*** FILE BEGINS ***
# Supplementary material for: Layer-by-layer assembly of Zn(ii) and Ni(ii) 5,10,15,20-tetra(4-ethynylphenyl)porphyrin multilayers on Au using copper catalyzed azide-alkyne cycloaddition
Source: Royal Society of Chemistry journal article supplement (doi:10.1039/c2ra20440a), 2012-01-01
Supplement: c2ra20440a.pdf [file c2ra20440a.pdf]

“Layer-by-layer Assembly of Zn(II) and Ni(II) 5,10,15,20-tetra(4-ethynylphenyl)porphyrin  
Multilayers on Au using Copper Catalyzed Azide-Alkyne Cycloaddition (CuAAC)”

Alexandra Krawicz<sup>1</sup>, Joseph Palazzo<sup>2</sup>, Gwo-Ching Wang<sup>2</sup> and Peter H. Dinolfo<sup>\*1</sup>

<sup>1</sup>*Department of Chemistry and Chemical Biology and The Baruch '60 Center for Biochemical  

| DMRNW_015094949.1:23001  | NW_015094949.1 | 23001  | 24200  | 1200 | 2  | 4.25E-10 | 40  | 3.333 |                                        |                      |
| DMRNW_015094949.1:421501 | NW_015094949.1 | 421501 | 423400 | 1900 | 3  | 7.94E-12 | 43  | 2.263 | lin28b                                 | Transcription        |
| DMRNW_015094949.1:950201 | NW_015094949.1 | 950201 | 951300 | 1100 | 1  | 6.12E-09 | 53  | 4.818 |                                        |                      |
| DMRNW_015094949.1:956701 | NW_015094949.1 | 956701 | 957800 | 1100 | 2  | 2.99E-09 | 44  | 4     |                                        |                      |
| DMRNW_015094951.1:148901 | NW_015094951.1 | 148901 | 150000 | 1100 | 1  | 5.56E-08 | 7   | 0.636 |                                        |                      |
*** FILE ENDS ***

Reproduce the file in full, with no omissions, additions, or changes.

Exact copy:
# Supplementary material for: Layer-by-layer assembly of Zn(ii) and Ni(ii) 5,10,15,20-tetra(4-ethynylphenyl)porphyrin multilayers on Au using copper catalyzed azide-alkyne cycloaddition
Source: Royal Society of Chemistry journal article supplement (doi:10.1039/c2ra20440a), 2012-01-01
Supplement: c2ra20440a.pdf [file c2ra20440a.pdf]

“Layer-by-layer Assembly of Zn(II) and Ni(II) 5,10,15,20-tetra(4-ethynylphenyl)porphyrin  
Multilayers on Au using Copper Catalyzed Azide-Alkyne Cycloaddition (CuAAC)”

Alexandra Krawicz<sup>1</sup>, Joseph Palazzo<sup>2</sup>, Gwo-Ching Wang<sup>2</sup> and Peter H. Dinolfo<sup>\*1</sup>

<sup>1</sup>*Department of Chemistry and Chemical Biology and The Baruch '60 Center for Biochemical  

| DMRNW_015094949.1:23001  | NW_015094949.1 | 23001  | 24200  | 1200 | 2  | 4.25E-10 | 40  | 3.333 |                                        |                      |
| DMRNW_015094949.1:421501 | NW_015094949.1 | 421501 | 423400 | 1900 | 3  | 7.94E-12 | 43  | 2.263 | lin28b                                 | Transcription        |
| DMRNW_015094949.1:950201 | NW_015094949.1 | 950201 | 951300 | 1100 | 1  | 6.12E-09 | 53  | 4.818 |                                        |                      |
| DMRNW_015094949.1:956701 | NW_015094949.1 | 956701 | 957800 | 1100 | 2  | 2.99E-09 | 44  | 4     |                                        |                      |
| DMRNW_015094951.1:148901 | NW_015094951.1 | 148901 | 150000 | 1100 | 1  | 5.56E-08 | 7   | 0.636 |                                        |                      |